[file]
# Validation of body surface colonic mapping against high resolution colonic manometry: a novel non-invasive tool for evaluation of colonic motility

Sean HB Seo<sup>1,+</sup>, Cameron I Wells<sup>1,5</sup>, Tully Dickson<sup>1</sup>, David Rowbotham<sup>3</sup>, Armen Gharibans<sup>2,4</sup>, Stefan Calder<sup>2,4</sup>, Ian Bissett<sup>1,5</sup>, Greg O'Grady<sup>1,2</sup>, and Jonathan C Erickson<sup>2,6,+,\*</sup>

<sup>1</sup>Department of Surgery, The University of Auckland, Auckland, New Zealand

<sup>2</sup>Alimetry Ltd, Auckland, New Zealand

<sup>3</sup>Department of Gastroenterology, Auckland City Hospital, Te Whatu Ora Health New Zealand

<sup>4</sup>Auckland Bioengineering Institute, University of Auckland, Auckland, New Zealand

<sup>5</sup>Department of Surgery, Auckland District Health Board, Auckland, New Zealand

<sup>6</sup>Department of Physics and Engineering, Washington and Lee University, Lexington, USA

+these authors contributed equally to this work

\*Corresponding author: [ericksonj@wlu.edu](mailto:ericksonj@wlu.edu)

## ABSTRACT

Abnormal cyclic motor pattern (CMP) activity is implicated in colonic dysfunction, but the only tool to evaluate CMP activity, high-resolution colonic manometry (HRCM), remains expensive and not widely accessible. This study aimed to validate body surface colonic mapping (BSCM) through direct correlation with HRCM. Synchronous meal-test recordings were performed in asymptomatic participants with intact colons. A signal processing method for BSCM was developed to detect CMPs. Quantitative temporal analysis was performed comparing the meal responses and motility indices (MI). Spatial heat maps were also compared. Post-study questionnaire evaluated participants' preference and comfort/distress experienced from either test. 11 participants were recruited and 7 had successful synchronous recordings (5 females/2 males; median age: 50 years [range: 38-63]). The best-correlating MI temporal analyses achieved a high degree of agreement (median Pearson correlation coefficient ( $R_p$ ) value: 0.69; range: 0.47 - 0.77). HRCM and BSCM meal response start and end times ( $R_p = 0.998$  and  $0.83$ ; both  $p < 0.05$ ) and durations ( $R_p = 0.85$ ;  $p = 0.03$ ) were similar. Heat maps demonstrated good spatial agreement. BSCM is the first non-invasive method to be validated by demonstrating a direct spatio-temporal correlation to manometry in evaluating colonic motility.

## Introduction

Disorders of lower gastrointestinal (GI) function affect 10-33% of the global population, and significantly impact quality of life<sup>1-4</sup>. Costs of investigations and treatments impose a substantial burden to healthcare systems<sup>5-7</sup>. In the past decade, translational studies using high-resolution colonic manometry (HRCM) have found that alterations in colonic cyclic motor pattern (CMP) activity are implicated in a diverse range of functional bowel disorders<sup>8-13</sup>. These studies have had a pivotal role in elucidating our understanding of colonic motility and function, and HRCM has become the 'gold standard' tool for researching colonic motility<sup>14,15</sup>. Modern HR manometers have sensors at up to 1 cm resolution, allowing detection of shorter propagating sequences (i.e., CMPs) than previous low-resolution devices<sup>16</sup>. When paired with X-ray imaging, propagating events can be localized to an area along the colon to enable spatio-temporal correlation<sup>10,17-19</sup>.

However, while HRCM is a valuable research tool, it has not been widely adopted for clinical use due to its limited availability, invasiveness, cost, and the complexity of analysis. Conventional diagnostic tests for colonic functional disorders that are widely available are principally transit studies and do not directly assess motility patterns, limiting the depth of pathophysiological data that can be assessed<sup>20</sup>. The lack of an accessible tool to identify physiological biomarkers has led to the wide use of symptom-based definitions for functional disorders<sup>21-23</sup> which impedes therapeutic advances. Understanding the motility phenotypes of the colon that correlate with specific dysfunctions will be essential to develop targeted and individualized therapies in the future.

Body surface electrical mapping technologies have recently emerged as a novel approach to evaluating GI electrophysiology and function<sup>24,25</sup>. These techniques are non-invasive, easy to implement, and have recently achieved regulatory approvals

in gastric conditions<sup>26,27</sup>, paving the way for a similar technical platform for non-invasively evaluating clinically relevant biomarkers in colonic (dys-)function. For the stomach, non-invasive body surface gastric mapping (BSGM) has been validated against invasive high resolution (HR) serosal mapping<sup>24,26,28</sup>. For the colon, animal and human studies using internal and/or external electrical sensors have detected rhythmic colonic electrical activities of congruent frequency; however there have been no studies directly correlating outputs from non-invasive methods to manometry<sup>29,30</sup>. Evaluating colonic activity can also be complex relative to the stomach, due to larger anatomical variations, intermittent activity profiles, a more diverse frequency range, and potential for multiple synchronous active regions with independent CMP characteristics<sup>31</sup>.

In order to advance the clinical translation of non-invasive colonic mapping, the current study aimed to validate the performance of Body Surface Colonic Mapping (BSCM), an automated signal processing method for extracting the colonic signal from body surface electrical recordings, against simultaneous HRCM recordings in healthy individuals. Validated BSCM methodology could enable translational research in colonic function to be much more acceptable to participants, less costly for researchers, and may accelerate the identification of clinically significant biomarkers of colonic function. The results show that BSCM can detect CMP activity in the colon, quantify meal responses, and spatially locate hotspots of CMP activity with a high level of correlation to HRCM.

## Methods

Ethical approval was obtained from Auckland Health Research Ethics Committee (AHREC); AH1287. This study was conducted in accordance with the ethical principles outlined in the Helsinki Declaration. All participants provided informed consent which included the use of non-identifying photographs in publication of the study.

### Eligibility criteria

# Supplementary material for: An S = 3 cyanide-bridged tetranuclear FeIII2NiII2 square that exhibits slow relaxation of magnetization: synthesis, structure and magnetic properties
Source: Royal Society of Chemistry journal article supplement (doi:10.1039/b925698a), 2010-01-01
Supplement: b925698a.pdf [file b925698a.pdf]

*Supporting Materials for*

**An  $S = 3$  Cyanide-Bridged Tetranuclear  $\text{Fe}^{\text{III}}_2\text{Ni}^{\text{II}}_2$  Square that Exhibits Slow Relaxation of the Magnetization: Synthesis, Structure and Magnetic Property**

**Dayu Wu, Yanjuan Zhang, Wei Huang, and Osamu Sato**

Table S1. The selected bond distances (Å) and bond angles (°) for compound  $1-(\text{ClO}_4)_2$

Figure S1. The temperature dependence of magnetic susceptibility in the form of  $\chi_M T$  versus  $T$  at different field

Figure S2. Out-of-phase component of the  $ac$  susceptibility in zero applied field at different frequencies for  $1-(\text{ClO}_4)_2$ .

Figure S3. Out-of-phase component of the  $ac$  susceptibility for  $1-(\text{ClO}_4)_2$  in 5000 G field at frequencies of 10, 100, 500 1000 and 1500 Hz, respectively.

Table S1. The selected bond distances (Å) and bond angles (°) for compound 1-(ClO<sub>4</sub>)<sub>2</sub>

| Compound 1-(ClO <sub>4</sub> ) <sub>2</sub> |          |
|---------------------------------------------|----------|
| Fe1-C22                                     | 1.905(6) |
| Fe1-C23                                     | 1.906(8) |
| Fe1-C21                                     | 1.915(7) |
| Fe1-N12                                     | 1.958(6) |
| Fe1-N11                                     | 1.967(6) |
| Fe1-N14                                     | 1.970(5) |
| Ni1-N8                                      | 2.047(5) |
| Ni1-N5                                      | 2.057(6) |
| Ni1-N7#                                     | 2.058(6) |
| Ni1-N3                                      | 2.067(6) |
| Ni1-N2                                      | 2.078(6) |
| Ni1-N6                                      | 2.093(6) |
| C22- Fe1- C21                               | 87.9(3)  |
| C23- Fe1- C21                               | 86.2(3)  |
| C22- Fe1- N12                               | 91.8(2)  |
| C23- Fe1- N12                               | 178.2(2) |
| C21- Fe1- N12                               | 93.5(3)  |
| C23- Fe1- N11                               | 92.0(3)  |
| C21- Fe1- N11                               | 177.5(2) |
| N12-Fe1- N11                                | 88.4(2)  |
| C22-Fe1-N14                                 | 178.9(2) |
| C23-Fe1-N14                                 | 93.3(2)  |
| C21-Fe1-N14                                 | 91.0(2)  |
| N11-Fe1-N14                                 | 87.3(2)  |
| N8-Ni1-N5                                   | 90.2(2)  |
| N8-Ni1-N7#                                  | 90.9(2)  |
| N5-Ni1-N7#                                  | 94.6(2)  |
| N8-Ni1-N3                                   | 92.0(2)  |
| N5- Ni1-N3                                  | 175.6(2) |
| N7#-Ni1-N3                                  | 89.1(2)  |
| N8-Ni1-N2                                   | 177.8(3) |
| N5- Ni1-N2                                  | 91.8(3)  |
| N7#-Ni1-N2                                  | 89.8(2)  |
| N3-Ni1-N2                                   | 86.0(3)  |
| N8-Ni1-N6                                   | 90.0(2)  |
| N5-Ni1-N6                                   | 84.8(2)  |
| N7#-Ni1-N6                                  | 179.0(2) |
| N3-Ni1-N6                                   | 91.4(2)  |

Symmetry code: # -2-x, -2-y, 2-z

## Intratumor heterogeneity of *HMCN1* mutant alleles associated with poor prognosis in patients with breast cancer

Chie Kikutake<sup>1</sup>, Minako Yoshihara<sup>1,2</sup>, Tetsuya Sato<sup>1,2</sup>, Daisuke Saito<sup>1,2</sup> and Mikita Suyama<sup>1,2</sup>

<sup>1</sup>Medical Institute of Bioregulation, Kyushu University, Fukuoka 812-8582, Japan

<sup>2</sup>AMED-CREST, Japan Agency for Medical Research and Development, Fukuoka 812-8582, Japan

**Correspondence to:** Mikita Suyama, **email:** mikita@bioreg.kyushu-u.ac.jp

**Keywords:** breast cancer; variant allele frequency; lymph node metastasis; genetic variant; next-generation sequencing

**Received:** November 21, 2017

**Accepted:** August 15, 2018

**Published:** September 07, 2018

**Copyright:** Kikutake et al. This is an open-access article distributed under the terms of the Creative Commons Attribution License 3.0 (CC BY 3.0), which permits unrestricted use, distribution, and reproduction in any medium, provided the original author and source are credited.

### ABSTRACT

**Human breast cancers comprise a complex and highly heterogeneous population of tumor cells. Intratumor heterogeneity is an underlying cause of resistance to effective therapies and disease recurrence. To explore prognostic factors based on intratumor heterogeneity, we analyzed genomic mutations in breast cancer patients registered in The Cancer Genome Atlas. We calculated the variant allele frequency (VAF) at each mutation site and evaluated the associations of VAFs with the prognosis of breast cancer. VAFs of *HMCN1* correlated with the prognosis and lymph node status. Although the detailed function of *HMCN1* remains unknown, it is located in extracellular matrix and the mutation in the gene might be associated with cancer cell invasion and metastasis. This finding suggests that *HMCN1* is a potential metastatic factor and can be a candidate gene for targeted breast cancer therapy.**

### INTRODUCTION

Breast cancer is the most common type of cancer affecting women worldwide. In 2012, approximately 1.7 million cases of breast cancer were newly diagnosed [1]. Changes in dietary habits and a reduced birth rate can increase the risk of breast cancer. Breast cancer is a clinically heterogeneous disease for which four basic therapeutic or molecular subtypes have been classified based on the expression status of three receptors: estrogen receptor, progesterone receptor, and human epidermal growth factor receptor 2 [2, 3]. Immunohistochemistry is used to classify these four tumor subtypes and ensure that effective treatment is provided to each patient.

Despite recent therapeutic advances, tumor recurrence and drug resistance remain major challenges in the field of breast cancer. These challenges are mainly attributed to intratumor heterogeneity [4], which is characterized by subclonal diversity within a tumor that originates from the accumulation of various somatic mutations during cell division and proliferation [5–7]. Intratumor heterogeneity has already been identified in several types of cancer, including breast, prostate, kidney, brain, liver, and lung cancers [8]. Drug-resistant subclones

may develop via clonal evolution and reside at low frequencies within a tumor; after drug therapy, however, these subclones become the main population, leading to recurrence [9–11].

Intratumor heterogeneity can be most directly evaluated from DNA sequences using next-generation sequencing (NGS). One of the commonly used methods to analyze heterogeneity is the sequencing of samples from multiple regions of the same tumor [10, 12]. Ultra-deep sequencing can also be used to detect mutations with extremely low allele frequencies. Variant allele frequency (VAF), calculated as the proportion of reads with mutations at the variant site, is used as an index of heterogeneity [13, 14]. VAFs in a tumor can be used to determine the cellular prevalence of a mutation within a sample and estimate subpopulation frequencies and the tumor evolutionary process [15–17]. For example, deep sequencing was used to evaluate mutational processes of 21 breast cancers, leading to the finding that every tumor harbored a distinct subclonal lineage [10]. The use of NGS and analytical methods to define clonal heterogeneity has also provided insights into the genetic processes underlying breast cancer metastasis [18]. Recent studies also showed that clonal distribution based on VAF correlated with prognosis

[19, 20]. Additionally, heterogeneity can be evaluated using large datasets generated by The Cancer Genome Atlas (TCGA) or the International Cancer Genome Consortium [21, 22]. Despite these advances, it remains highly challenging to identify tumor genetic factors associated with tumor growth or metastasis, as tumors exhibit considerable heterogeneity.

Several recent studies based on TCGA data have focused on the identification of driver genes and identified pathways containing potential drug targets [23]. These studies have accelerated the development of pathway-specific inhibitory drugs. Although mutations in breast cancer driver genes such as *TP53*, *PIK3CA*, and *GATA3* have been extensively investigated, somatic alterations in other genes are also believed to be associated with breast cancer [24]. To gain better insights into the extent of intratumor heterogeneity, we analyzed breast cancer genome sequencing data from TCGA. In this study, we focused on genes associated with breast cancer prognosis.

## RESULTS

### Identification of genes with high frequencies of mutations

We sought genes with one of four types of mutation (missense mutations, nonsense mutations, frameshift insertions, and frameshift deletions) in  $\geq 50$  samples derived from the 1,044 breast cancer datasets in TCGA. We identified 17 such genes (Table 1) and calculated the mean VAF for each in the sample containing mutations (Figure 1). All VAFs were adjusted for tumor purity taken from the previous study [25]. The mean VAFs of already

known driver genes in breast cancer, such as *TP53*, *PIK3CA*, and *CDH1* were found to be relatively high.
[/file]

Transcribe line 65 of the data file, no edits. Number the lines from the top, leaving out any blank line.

| N8-Ni1-N2                                   | 177.8(3) |